It's ice cream season, thank the heavens. Which brings us to a perennial question: How the heck is a malted milkshake any better than a regular, old-fashioned shake?
Well, we looked into it. It turns out, sometimes things just get lost in the shuffle of time, and malted shakes (or malteds, as they were known at the height of their popularity) predate the milkshakes that we know today by a few years. Malteds were a soda fountain staple that carried thirsty people through Prohibition.
A powdery beginning
The term "milkshake" was was first written in print in 1885, according to Adam Ried's "Thoroughly Modern Milkshakes." But it was a drink "considered both a restorative tonic and a treat" served in a pharmacy's soda shop, made with milk, ice, sugar, whiskey and an egg, and shaken and poured.
Milkshakes made this way were understandably popular, but so was another "health tonic" on pharmacy shelves: malted milk powder.
James Horlick, a British pharmacist with an entrepreneurial vision, moved to Wisconsin to start a business with his brother, William. Together, the Horlicks devised an alternative malt- and wheat-based nutritional supplement for infants that they wanted to expand. It was originally called "Diastoid," but "malted milk" was trademarked in 1887 and babies seemed to like it.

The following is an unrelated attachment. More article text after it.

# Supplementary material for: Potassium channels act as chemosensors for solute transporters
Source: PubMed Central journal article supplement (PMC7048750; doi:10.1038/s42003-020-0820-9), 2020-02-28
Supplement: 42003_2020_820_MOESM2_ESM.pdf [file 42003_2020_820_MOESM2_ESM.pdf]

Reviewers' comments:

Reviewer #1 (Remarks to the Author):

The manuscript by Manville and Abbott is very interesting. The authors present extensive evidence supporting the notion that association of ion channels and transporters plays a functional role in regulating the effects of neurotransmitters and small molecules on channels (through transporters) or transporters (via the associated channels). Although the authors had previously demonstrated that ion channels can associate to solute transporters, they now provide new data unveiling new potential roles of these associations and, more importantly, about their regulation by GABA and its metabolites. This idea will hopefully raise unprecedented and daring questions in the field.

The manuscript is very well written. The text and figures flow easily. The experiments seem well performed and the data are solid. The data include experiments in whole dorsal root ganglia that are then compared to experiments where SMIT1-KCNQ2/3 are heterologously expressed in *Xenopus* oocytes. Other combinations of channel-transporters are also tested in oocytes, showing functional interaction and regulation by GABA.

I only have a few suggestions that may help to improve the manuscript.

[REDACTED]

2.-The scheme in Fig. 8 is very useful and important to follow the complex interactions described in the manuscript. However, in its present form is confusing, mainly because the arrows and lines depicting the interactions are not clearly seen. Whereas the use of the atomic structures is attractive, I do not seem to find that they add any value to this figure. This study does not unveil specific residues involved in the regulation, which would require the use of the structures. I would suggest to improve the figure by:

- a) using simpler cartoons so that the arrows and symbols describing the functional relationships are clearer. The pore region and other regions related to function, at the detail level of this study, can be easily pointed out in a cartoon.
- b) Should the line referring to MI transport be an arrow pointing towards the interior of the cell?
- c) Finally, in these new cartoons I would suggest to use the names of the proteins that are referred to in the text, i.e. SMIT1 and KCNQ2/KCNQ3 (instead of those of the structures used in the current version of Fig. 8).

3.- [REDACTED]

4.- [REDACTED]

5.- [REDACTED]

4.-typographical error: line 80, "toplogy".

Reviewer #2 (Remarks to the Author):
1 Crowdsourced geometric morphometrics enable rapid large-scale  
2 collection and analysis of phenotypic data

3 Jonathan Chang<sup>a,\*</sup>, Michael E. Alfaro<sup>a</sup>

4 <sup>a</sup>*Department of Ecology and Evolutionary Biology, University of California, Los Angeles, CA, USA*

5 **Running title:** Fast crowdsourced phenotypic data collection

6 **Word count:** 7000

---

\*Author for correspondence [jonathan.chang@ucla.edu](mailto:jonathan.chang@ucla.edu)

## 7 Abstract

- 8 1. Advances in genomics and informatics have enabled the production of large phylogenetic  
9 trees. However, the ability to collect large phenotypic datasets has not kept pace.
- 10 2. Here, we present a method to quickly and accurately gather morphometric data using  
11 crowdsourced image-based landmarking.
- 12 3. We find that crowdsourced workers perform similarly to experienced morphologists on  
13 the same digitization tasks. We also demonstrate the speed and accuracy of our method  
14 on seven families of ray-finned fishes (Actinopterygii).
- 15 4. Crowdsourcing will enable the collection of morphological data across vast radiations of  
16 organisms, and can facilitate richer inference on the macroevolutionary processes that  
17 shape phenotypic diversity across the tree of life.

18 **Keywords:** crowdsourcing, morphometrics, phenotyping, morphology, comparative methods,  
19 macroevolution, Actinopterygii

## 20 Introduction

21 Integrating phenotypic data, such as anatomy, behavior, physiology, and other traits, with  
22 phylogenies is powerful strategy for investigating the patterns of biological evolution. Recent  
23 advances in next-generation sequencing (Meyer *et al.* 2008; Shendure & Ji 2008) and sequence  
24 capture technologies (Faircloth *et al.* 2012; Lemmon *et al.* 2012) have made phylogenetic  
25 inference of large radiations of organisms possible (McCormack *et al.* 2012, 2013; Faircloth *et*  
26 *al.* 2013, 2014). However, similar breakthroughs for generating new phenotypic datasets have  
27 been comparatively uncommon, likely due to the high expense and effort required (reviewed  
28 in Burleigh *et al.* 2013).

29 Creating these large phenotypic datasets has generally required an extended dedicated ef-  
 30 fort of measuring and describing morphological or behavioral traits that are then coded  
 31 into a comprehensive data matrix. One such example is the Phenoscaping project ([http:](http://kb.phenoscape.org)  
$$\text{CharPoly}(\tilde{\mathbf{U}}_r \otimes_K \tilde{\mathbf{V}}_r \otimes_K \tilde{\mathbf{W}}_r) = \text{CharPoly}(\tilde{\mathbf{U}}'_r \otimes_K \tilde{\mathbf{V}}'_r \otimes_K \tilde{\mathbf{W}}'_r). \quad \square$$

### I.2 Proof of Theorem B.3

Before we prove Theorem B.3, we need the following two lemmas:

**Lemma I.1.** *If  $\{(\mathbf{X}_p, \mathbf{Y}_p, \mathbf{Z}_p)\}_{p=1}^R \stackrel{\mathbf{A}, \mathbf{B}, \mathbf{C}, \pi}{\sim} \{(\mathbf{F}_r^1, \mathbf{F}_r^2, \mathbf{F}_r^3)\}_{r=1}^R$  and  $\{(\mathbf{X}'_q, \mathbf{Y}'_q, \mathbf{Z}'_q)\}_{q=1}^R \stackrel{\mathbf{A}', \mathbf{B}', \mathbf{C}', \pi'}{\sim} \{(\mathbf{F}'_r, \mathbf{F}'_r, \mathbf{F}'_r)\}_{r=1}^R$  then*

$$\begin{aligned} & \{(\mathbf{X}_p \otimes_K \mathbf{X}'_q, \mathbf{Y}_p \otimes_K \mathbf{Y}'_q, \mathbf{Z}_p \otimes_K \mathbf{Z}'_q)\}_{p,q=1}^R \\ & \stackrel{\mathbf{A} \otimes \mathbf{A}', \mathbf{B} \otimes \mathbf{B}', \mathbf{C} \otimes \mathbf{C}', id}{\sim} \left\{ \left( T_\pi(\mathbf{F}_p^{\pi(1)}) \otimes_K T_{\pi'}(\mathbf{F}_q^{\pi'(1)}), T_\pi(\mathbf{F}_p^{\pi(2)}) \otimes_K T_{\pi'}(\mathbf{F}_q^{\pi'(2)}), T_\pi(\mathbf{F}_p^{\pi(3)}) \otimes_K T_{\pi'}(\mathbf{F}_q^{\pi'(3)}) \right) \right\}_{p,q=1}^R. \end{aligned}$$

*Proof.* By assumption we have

Malteds thrive during Prohibition
Grown-ups also liked this dehydrated, non-perishable, highly caloric and easy-to-carry powdered drink mix -- especially explorers (there's even a range of Horlick Mountains in Antarctica). Health conscious people liked the taste, and it wasn't long before an imaginative fountain man at a Chicago Walgreens put the powder into a chocolate shake in 1922.
Then Prohibition set in, and everybody loved their malteds -- people would wait "three and four deep around the soda fountain to buy the 'double-rich chocolate malted milk'" at the Walgreens where they were served.
So what is malted milk powder, anyway?
So history would see the two converge -- malted milk powder and milkshakes -- but what is in the powder? A combo of barley malt, wheat flour, milk powder, salt and sometimes sugar -- barley is malted when the grains are dried, then submerged in water for a few days before it's germinated.
We malt barley and other grains because it breaks down each grain kernel -- the carbs, amino acids, lipids and starches. It's an especially important step in a beer's brewing process, but malted barley provides a lot of the nutrients in malted milk powder, as well.
Where can you buy malted milk powder?
It's still on store shelves -- a popular brand is Nestlé Carnation's malted milk powder -- and is a great ingredient if you want to add depth and creaminess to a sweet dish. Here are a few recipes to try:
Malted Milk Shakes, by Martha Stewart
Malted Milk Chocolate Bourbon Ice Cream, by Savory Simple
Malted Milk Ice Cream Bonbons, by The New York Times
Toffee Malted Pumpkin Spice Popcorn, by Living The Sweet Life
Malted Milk Chocolate Chip Cookies, by Pioneer Woman